Compare any two graphics cards:
GeForce GTX 650 Ti vs Radeon HD 6870
IntroThe GeForce GTX 650 Ti comes with clock speeds of 928 MHz on the GPU, and 1350 MHz on the 1024 MB of GDDR5 memory. It features 768 SPUs along with 64 TAUs and 16 ROPs.
Compare all that to the Radeon HD 6870, which makes use of a 40 nm design. AMD has clocked the core frequency at 900 MHz. The GDDR5 memory is set to run at a speed of 1050 MHz on this model. It features 1120 SPUs as well as 56 Texture Address Units and 32 ROPs.
Power Usage and Theoretical Benchmarks
Power Consumption (Max TDP)
Performance-wise, the Radeon HD 6870 should in theory be a lot better than the GeForce GTX 650 Ti overall. (explain)
Texel RateThe GeForce GTX 650 Ti is a small bit (approximately 18%) better at anisotropic filtering than the Radeon HD 6870. (explain)
Pixel RateThe Radeon HD 6870 should be a lot (approximately 94%) better at FSAA than the GeForce GTX 650 Ti, and will be capable of handling higher screen resolutions without slowing down too much. (explain)
Please note that the above 'benchmarks' are all just theoretical - the results were calculated based on the card's specifications, and real-world performance may (and probably will) vary at least a bit.
Please note that the price comparisons are based on search keywords - sometimes it might show cards with very similar names that are not exactly the same as the one chosen in the comparison. We do try to filter out the wrong results as best we can, though.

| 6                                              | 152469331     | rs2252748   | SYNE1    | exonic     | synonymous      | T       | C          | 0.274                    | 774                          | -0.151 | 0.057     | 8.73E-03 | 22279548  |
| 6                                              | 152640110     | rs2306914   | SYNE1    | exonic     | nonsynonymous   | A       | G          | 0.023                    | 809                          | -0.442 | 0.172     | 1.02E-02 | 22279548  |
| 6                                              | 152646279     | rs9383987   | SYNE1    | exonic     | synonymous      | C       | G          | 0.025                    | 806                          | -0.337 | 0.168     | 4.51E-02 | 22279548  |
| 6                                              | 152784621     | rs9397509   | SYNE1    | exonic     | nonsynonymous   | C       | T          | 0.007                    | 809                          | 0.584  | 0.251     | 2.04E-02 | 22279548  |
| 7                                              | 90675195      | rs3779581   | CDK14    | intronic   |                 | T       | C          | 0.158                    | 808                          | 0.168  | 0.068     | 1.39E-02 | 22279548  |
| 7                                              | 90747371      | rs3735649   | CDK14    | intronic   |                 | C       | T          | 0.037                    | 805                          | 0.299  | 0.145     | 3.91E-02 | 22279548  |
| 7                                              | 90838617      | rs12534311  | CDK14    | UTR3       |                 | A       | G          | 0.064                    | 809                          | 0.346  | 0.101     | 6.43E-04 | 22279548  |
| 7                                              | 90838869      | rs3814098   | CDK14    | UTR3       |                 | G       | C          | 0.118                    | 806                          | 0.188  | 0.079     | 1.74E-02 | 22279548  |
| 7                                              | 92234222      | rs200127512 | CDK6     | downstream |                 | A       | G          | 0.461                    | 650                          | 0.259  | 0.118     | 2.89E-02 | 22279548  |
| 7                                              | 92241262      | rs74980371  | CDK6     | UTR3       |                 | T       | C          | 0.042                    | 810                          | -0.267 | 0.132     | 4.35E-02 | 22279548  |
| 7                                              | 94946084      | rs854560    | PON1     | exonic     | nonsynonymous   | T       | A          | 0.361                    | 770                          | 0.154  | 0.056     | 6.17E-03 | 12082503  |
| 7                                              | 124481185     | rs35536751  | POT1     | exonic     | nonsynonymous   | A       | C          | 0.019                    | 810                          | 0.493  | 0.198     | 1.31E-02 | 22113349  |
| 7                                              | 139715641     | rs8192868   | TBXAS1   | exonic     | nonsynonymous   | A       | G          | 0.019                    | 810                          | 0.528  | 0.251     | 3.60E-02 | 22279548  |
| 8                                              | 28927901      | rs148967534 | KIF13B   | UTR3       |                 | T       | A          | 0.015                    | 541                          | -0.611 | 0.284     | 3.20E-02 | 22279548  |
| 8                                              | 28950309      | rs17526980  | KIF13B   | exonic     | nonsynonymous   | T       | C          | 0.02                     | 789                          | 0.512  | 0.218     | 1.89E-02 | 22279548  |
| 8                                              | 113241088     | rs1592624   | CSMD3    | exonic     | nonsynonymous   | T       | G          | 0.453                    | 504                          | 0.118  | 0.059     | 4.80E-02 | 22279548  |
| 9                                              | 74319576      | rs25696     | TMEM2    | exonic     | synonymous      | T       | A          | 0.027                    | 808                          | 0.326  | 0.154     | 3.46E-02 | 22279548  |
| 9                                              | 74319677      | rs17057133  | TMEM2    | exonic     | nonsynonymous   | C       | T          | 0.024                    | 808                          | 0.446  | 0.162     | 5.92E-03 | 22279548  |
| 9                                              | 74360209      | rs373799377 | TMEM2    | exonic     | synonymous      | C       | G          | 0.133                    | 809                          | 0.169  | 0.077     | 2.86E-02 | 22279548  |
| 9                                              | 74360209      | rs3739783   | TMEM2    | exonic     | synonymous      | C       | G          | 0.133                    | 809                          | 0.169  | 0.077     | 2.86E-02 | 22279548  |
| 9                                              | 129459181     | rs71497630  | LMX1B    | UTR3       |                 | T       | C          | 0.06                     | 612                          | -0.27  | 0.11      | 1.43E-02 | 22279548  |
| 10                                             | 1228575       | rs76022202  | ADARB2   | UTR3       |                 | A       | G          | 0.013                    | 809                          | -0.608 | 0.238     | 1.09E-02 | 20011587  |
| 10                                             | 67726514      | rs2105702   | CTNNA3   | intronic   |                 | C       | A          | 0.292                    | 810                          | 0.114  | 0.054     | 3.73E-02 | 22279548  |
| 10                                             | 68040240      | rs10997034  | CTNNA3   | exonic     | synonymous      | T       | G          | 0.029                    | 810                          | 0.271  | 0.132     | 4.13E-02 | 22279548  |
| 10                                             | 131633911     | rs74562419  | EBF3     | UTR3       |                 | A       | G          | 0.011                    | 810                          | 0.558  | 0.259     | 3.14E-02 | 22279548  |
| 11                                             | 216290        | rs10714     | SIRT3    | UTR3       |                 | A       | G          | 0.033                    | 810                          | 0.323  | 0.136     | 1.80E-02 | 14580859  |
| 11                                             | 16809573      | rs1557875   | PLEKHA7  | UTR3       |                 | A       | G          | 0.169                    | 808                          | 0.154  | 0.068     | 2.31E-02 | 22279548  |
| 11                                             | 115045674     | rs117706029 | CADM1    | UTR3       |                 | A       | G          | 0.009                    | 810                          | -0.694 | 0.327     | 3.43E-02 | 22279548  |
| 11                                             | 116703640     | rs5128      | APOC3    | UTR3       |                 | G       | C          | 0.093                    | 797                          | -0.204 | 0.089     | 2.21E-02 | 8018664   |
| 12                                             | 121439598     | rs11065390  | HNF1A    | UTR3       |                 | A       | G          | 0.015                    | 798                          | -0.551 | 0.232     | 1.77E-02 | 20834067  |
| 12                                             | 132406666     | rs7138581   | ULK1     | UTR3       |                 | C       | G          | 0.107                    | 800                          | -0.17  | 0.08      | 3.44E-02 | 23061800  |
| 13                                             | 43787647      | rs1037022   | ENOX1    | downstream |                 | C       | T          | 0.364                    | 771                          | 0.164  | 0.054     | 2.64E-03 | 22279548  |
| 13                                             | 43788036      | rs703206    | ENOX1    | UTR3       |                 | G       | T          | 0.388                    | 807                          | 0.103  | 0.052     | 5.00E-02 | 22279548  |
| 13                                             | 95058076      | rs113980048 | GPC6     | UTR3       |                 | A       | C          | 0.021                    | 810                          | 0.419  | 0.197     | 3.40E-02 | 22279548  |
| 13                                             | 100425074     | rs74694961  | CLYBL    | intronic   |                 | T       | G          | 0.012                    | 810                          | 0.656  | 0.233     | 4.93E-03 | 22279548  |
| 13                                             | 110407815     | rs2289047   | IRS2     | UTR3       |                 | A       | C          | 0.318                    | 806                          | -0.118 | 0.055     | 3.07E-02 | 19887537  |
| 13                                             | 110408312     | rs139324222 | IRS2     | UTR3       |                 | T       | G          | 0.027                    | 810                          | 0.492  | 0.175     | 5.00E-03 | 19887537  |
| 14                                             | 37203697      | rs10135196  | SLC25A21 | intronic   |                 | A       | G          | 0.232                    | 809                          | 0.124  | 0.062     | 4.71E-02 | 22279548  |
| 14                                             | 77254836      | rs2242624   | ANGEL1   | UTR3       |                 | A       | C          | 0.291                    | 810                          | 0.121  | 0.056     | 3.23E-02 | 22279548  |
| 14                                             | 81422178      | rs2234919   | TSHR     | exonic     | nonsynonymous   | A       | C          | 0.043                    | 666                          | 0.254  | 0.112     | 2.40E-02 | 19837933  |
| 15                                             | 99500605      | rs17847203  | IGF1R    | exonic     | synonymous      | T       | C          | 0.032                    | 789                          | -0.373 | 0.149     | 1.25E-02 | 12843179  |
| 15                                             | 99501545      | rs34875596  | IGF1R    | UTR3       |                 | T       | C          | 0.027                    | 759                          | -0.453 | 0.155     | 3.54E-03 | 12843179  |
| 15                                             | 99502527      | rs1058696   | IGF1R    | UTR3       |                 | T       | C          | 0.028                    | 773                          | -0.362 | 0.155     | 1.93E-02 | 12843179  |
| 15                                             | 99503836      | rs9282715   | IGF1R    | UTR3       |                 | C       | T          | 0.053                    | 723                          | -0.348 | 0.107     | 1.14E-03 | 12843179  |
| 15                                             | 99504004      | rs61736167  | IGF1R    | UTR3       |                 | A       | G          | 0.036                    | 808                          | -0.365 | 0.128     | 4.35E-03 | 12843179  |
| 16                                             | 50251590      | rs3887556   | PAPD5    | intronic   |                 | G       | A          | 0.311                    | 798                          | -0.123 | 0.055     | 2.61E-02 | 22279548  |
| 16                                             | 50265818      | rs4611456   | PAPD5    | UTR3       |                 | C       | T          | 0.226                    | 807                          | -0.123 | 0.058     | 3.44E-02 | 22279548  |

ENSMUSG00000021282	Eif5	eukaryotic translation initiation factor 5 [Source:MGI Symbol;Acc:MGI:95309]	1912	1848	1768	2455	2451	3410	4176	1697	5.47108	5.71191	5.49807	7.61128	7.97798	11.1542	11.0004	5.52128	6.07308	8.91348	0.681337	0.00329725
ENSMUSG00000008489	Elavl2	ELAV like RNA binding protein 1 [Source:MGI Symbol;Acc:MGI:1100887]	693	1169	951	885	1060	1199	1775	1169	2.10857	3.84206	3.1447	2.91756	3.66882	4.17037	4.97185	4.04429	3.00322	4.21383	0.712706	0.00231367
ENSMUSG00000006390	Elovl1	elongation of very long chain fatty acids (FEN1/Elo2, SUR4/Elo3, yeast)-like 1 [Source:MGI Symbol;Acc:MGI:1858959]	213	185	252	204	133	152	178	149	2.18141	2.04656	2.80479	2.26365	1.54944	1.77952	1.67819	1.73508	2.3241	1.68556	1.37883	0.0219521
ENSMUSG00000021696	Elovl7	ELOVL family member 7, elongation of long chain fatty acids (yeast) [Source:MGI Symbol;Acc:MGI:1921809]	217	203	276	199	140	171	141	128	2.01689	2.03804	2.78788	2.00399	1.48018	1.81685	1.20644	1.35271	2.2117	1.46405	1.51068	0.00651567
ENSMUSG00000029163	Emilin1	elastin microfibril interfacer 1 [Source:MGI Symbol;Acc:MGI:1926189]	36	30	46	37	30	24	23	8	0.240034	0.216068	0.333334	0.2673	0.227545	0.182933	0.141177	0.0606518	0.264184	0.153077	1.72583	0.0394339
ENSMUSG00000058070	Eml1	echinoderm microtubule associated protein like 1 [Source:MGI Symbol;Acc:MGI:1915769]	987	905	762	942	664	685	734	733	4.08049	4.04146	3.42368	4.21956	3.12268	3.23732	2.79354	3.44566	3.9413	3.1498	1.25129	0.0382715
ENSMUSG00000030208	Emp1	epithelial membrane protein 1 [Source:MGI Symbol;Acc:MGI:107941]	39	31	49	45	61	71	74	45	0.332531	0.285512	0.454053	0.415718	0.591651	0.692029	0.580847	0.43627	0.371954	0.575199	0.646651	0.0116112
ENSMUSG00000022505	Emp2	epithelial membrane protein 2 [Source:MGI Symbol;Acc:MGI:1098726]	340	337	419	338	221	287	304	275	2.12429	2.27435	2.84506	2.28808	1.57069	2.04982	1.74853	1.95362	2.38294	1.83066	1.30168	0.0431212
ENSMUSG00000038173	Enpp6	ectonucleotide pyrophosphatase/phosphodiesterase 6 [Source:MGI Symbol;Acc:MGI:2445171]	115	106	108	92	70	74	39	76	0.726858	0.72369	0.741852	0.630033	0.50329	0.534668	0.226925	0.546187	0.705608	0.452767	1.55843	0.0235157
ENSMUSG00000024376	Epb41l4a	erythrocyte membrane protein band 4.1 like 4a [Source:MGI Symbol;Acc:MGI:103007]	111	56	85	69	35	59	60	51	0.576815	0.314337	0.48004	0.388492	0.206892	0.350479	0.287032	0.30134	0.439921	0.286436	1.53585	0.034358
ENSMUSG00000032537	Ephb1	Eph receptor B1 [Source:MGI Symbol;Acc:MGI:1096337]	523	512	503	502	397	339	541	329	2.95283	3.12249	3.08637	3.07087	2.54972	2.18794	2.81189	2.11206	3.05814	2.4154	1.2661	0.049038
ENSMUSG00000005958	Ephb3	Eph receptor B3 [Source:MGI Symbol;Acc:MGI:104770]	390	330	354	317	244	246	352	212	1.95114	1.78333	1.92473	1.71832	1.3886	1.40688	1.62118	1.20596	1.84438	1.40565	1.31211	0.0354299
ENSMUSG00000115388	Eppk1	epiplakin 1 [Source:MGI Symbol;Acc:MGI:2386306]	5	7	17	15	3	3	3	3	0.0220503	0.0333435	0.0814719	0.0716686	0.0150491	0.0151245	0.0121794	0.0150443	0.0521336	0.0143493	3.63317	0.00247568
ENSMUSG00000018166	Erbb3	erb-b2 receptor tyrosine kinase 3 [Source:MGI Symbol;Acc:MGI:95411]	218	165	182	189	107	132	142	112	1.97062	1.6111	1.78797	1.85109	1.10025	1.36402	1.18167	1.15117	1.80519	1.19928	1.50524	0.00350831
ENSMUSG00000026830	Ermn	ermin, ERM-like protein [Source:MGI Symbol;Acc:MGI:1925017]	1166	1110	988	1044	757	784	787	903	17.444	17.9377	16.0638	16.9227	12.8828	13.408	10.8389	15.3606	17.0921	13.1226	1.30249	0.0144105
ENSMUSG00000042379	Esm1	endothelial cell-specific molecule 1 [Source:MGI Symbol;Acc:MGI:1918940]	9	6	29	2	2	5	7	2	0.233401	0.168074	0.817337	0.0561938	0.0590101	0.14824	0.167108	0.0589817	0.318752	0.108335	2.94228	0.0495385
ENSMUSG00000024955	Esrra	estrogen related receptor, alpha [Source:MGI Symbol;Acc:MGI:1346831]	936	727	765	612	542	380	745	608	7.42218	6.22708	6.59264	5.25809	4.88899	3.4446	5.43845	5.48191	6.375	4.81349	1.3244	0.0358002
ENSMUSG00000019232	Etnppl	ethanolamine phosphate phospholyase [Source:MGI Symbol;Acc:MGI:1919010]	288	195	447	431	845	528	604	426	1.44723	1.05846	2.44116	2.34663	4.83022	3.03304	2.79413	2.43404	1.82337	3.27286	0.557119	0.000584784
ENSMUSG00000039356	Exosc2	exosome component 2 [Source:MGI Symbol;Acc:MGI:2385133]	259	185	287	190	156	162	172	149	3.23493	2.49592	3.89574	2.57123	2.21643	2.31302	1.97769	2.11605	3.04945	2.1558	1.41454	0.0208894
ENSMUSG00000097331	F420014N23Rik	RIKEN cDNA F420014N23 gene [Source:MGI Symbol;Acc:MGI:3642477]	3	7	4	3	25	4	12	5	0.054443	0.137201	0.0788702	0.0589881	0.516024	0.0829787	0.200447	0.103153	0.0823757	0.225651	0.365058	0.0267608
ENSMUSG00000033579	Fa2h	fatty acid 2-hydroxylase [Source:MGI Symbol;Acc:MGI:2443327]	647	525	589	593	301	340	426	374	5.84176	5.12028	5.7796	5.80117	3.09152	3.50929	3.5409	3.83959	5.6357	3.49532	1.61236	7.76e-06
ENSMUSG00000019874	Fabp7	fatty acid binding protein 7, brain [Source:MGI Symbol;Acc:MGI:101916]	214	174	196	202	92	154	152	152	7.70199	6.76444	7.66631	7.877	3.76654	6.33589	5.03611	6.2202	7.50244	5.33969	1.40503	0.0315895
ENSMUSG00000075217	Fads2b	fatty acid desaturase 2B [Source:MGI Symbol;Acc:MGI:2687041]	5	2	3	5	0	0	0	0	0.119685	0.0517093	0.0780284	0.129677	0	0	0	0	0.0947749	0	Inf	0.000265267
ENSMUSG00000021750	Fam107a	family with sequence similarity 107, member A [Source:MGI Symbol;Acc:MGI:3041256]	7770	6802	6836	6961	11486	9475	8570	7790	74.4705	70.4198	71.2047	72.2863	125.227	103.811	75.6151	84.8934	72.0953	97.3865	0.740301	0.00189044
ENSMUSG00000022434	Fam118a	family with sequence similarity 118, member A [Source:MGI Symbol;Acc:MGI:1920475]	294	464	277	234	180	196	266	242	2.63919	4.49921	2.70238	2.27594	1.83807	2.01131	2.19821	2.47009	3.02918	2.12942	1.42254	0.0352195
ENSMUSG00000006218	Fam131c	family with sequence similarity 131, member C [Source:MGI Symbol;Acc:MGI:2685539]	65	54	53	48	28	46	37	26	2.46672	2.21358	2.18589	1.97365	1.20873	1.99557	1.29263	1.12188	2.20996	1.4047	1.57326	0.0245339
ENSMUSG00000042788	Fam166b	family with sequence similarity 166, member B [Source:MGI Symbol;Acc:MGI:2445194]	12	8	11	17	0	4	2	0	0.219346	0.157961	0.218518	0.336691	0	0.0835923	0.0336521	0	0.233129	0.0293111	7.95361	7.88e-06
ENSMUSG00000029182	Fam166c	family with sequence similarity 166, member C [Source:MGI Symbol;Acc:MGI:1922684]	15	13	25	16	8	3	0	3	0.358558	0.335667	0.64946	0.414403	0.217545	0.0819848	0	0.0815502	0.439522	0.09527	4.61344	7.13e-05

Memory Bandwidth: Bandwidth is the max amount of data (counted in megabytes per second) that can be transported across the external memory interface in one second. It's worked out by multiplying the card's bus width by its memory clock speed. If it uses DDR memory, the result should be multiplied by 2 once again. If it uses DDR5, multiply by 4 instead. The higher the memory bandwidth, the better the card will be in general. It especially helps with anti-aliasing, High Dynamic Range and high resolutions.
Texel Rate: Texel rate is the maximum texture map elements (texels) that are processed per second. This is calculated by multiplying the total number of texture units of the card by the core clock speed of the chip. The higher the texel rate, the better the graphics card will be at texture filtering (anisotropic filtering - AF). It is measured in millions of texels in a second.
Pixel Rate: Pixel rate is the maximum number of pixels that the graphics card can possibly record to its local memory in one second - measured in millions of pixels per second. The number is calculated by multiplying the number of Raster Operations Pipelines by the the core speed of the card. ROPs (Raster Operations Pipelines - sometimes also referred to as Render Output Units) are responsible for drawing the pixels (image) on the screen. The actual pixel output rate is also dependant on many other factors, most notably the memory bandwidth - the lower the memory bandwidth is, the lower the potential to reach the maximum fill rate.